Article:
Every meal that is put in front of us, in our household, had to be finished...and if it's delicious, that's even better. I'll always remember my Mum's soups, which rarely came from a cookbook: clear and wholesome, with lots of good things in them. There were seaweed soups to clear the complexion, hearty stews with gingko and goji berries when you felt like a boost for exams, cooling fevers with light melon and cucumber soups and spinach congee. The dishes were there, I just ate my meals without too much thought.
Now, when I think back to all those years ago, it made sense. Also when I noticed all the new discoveries that the Western world have made, I thought, wow, my Mum sure knew what was what, way back then. My Mum and the community that I grew up in, prepared me for the travels I was later to do, tasting foods around the world.
I've lived in New Zealand, Australia, UK. But it is only when I look around me, here in Spain, that I realise that the things I find important now, foodwise, are mostly here in my garden or very easily available. In nearby Santa Pola we have a huge outdoor fresh fruit and vegetable market every Saturday morning.
I was brought up in an environment where exotic foodmade with the freshest ingredients, was readily available from street-vendors at every corner. The cuisine and my travels have tempered my taste to sometimes unusual combinations of flavour.
I am now in the situation of being able to combine my approach to cooking with fresh seafood from Santa Pola fish market, having just arrived off the trawler. Imagine my surprise when reading about superfoods, or anti-cancer foods, .. or even foods to choose when you would prefer to be wrinkle free for as long as possible, to have smooth-as-silk skin.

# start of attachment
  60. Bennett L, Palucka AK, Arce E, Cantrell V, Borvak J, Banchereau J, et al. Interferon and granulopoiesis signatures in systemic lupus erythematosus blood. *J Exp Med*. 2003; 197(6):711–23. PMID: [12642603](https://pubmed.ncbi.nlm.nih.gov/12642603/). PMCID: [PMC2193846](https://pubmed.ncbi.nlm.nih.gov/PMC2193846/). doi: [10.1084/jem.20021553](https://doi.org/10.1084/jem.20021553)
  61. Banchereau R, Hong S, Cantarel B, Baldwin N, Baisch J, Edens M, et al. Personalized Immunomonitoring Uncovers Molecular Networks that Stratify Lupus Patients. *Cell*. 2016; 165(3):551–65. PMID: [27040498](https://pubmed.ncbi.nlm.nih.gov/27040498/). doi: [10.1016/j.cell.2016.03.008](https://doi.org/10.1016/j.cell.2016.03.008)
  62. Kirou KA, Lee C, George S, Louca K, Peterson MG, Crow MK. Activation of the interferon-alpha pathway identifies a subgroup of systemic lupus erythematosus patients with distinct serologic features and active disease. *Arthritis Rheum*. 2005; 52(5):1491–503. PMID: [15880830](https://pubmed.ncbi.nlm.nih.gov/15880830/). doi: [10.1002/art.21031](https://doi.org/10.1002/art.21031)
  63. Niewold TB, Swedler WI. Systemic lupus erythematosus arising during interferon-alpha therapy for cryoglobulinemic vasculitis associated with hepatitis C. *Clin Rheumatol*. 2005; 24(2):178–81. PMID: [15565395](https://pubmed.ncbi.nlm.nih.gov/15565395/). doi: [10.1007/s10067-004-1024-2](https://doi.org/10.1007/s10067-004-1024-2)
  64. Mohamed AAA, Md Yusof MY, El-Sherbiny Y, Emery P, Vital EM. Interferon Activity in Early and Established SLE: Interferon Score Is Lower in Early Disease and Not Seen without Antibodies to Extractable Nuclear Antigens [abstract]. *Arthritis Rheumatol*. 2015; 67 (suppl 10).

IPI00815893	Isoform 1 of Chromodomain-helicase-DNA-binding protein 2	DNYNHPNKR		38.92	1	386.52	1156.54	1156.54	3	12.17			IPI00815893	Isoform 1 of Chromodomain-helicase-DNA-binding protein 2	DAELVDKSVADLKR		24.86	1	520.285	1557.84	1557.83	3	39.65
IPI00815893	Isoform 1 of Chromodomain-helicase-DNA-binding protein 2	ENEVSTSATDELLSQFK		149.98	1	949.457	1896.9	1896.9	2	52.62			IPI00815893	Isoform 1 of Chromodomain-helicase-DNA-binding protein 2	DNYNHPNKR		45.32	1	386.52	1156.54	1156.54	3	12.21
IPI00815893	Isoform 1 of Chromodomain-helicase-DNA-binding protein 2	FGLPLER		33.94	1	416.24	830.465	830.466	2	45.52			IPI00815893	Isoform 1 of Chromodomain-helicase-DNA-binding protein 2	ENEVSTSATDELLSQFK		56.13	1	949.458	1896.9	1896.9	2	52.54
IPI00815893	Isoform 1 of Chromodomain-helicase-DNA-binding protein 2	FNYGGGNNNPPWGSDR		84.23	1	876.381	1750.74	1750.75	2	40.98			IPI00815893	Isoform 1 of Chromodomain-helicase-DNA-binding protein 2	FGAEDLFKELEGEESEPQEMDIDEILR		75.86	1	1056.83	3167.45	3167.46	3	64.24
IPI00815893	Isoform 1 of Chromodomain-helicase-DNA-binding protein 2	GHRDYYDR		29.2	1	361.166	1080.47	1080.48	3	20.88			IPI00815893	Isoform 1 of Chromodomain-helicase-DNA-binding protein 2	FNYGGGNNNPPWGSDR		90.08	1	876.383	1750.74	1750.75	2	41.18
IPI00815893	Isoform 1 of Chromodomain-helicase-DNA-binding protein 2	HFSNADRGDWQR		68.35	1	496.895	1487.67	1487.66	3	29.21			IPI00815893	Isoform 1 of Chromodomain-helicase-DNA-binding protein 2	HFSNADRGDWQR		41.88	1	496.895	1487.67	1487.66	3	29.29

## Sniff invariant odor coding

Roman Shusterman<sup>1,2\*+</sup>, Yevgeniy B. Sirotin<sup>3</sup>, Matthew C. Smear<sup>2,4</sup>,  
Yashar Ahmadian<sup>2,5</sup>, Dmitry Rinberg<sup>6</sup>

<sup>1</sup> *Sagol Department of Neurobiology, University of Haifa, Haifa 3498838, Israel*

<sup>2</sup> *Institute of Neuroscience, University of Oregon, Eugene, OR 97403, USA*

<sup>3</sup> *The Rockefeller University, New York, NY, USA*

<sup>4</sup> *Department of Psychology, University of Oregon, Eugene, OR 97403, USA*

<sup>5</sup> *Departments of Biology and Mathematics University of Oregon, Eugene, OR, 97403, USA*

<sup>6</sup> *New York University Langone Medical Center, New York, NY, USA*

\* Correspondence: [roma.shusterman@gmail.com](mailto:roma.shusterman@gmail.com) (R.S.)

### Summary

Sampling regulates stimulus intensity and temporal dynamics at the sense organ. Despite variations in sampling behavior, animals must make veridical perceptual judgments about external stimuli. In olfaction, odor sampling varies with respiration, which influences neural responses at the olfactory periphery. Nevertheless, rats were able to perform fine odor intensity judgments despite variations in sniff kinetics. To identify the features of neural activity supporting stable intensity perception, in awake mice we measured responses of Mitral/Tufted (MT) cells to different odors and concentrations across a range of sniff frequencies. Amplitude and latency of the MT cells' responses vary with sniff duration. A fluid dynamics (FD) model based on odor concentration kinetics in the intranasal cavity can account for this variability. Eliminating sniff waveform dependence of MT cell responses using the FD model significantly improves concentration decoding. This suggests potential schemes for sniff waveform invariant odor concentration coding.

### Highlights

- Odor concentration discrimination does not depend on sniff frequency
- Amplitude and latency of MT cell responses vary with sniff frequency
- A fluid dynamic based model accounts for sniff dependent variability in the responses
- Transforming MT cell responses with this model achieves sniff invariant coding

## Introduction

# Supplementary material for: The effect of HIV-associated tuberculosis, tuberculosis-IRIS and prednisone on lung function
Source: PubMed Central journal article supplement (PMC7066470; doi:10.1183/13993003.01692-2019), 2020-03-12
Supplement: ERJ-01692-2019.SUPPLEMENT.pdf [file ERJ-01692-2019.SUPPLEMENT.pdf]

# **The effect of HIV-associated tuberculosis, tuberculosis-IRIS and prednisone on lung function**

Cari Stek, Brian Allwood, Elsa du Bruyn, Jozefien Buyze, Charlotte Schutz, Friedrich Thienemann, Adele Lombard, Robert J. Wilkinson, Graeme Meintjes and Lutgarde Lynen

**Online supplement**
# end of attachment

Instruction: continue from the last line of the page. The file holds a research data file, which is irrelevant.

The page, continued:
MUSSELS WITH SAMBAL & HARISSA
Cookbook: Travels with a One-Handed Cook, p69
It's way of life, the Mediterranean Diet, or the Hay Diet. Look to the building blocks first, and the rest (weight loss, looking better & brighter, etc. ) will follow.
Oh.. by the way, I suffered a massive, haemorrhagic stroke 14 years ago? It was called an AVM (Arteriovenous Malformation), a congenital disorder a tangle web of blood vessels in the brain. In the event of an haemorrhage, the risk of serious stroke or death is approximately 30-50% (about 1% per year).
Well, I survived this... cheated death, but I couldn't: walk, talk, read, write, my short-term memory was lost, was paralysed on my right, and confined to a wheelchair for many years.
I had open-brain surgery for nine-hours, as the Neurosurgeons fought to save my life and stem the massive haemorrhage. The stroke resulting from my AVM (haemmorrhage) was very severe, resulting a major loss of function. How did I cope? It's explained in the Travels cookbook synopsis.
Now I can walk (though use a legbrace), and my right arm is still paralysed but many of the things I did before my stroke, which I thought I'd never be able to do again, I can do gradually to varying degrees...
I'm travelling once more, maybe a trifle slower than before, and have written cookbooks - the recipes are a mixture of South-east Asian and Mediterranean cuisine with the nuances and flavours of my travels injected into them.
At school, I was an avid amateur cook always willing to try our new recipes - now, I'm a One-Handed Cook. And lastly, a cookery/cookbook section - that says: all is not lost when you encounter setbacks, just a detour an a re-work, and try something new.
It's a second chance at life for me - the journey through life is never done until you're done. ENJOY!